Saturday, May 09, 2009


A while before i moved to the States, someone told me it would be hard to stand at any one point of the country and say 'ah ha, now this is America.' And he was right. How do you sum up a single country that contains the Harvard scholar and the Idaho potato farmer? The Carolina NASCAR fan and the California environmentalist? You can't. But whoever told me that didn't tell me something else thats equally true. It's hard to stand in any single state and say 'ah ha, now this is North Carolina.'

My adopted home state is a good example, split into one hundred counties and three regions of almost equal size, culture and the way of life on one side of the state are very different on the other. In the west you have the mountain region, full of, well, mountains, the middle part of the state is known as Piedmont, and contains the Triangle area, a zone containing all but one of the largest cities in the state, and about the only region left in the country where industry is still growing. Slowly the cities turn to farms, and the farms to beaches and you've reached the coastland region, where i live. Put your figure almost anywhere on a map of eastern North Carolina and you're pointing at the middle of nowhere. The eastern part of the state has it's own feel, it's own food, it's own way of life. People here still farm, hunt and fish meaningfully, men wear cowboy boots to church. Barbecue in eastern Carolina is totally different to barbecue in western Carolina, and nothing life what i grew up calling barbecue.

North Carolina is different from itself, as you might expect from a state probably only slightly smaller than a European country. And the people are different too, open, warm and funny. This was driven home to me clearly last night. It was about 1115, and my next door neighbour was standing at the top of the steps that lead to the first floor apartments enjoying the cool evening air. We've had two weeks of 80-90F days, and this week had been full of tornadoes and thunderstorms, but yesterday evening was perfect. Cool, clear and with a wonderful breeze. A great night for standing out.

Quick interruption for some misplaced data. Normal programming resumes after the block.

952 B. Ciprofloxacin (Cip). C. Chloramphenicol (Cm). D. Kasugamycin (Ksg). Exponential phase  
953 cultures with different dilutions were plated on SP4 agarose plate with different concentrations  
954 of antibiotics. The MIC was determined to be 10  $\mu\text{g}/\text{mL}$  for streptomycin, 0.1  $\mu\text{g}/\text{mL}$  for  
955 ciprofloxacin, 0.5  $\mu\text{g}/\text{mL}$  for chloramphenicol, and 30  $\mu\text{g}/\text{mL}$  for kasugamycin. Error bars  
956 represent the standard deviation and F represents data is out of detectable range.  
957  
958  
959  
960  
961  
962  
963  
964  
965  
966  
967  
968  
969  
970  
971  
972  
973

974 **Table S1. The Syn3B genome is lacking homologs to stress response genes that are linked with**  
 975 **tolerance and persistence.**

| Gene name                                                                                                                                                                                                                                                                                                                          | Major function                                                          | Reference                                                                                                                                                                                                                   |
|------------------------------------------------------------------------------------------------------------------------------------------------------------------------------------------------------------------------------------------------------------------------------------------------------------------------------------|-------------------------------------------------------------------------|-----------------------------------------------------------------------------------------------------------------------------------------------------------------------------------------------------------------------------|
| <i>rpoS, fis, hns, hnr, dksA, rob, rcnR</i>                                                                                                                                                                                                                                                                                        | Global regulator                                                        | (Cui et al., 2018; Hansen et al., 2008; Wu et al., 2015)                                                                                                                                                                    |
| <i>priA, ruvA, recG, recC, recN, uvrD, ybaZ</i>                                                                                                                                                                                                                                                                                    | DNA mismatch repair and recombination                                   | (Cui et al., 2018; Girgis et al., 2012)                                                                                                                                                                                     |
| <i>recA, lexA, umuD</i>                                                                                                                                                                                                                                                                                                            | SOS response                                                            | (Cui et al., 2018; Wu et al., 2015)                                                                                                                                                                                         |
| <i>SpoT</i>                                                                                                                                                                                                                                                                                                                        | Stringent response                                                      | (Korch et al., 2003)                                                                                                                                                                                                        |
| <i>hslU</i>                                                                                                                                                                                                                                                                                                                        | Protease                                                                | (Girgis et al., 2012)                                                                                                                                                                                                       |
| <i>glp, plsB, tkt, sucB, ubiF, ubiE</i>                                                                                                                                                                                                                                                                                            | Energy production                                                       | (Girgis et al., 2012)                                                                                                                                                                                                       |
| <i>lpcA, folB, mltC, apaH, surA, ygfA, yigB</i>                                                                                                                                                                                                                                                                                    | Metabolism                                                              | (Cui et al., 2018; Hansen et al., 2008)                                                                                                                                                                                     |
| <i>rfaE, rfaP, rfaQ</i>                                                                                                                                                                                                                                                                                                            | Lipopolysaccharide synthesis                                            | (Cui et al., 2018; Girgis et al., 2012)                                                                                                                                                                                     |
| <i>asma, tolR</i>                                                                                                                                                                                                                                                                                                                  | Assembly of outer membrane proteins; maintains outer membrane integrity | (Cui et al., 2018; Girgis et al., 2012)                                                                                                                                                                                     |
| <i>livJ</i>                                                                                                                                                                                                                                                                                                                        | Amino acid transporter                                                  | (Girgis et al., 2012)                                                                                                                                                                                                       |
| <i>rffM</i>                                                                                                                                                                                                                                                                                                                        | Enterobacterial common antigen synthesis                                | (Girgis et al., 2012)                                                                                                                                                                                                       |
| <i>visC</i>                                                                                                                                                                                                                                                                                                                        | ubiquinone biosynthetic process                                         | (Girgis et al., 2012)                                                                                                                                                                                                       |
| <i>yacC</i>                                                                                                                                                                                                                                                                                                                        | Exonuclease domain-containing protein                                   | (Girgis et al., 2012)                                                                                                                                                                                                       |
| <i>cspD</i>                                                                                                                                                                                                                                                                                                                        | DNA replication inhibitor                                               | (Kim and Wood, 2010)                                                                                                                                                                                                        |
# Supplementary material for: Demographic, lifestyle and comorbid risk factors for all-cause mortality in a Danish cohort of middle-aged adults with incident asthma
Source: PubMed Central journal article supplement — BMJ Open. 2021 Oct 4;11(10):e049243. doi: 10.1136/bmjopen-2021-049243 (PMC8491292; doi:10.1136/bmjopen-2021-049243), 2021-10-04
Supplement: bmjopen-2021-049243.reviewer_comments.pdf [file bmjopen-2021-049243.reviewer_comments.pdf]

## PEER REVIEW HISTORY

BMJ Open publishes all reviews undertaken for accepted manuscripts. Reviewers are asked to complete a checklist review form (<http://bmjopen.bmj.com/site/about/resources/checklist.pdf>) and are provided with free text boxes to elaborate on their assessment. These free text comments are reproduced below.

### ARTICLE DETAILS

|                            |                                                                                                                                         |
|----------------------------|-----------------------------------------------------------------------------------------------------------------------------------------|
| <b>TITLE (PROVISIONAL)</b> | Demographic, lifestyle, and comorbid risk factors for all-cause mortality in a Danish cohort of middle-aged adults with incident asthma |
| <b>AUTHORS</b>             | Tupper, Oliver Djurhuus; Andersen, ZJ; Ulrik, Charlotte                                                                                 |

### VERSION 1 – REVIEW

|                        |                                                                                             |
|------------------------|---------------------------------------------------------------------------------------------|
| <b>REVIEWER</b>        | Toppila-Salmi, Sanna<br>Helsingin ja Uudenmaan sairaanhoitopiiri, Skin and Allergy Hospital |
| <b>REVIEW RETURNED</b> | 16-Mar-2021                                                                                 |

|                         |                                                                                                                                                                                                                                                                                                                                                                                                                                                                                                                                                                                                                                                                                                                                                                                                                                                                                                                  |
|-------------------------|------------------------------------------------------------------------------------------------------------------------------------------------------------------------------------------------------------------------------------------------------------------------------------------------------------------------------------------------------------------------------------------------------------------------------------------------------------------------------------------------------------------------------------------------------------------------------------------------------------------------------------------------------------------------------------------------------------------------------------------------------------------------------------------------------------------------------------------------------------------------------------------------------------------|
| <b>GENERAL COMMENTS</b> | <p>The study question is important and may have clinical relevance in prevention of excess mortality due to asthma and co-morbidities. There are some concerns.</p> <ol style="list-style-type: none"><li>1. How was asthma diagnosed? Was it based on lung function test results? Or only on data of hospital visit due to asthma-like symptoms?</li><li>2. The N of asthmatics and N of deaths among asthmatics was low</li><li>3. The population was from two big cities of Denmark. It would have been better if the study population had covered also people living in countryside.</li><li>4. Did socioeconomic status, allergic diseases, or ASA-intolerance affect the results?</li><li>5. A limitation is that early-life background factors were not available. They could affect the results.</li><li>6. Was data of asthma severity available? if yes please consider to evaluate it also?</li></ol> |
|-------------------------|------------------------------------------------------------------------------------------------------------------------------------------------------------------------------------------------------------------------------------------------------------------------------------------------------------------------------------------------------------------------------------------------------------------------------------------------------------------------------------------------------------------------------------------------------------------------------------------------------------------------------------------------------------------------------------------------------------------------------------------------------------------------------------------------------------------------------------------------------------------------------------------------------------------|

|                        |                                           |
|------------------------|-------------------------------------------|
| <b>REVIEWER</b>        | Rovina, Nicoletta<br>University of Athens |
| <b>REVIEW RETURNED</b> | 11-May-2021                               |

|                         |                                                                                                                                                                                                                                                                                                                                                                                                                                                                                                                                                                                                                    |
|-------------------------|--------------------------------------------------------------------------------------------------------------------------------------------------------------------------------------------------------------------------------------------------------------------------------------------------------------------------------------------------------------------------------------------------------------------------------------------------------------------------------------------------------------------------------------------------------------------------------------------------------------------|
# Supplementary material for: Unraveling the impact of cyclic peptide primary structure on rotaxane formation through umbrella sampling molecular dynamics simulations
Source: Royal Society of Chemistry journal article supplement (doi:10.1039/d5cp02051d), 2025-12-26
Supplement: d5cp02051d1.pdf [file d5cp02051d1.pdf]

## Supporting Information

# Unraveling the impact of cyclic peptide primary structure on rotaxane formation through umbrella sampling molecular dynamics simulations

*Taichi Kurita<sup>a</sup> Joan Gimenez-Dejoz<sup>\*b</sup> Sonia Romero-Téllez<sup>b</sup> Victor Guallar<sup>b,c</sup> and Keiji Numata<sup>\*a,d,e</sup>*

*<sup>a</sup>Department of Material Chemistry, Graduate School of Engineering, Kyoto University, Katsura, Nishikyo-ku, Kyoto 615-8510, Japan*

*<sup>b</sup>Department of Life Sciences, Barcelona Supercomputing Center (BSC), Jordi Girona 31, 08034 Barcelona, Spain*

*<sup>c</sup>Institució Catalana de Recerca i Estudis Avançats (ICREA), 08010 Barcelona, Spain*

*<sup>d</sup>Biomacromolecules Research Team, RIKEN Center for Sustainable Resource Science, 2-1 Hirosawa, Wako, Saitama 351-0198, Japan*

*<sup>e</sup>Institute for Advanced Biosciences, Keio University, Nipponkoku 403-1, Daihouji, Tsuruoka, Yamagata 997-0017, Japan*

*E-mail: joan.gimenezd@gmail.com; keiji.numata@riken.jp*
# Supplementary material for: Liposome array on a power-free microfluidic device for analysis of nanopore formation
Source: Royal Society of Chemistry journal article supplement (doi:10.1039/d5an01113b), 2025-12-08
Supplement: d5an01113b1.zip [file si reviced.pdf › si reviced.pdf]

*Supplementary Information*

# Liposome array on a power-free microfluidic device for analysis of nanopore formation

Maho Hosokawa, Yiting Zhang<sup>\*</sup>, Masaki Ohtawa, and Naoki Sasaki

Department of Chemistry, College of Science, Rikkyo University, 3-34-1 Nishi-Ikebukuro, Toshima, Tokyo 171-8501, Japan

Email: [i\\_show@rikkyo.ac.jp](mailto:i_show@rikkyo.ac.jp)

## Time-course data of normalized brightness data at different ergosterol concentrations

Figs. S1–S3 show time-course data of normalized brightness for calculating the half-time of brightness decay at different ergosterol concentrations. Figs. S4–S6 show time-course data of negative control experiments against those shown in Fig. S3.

I hadn't spoken to him much before but last night we chatted for ages about the weather, the economy, the state of the parking lot, his acting career. Then he mentioned, quite matter of factly, that in the past week he had suffered two awful family tragedies. We'd covered four to six weeks of British conversation in half an hour. All this presents a problem. What do you do with people that are, in effect, inoculated to the Gospel? People who know just enough to make them feel alright, but not enough to get sick on it? With people who are happy to stand and pray with you, but never darkened the door of a church building? I'm still not clear whether this ingrained respect for Church as an institution is helpful or not in the long run. Not sure at all.

As for me and my neighbor. I'll keep praying, we'll keep talking, and maybe one day soon i'll get to ring a bell of my own...

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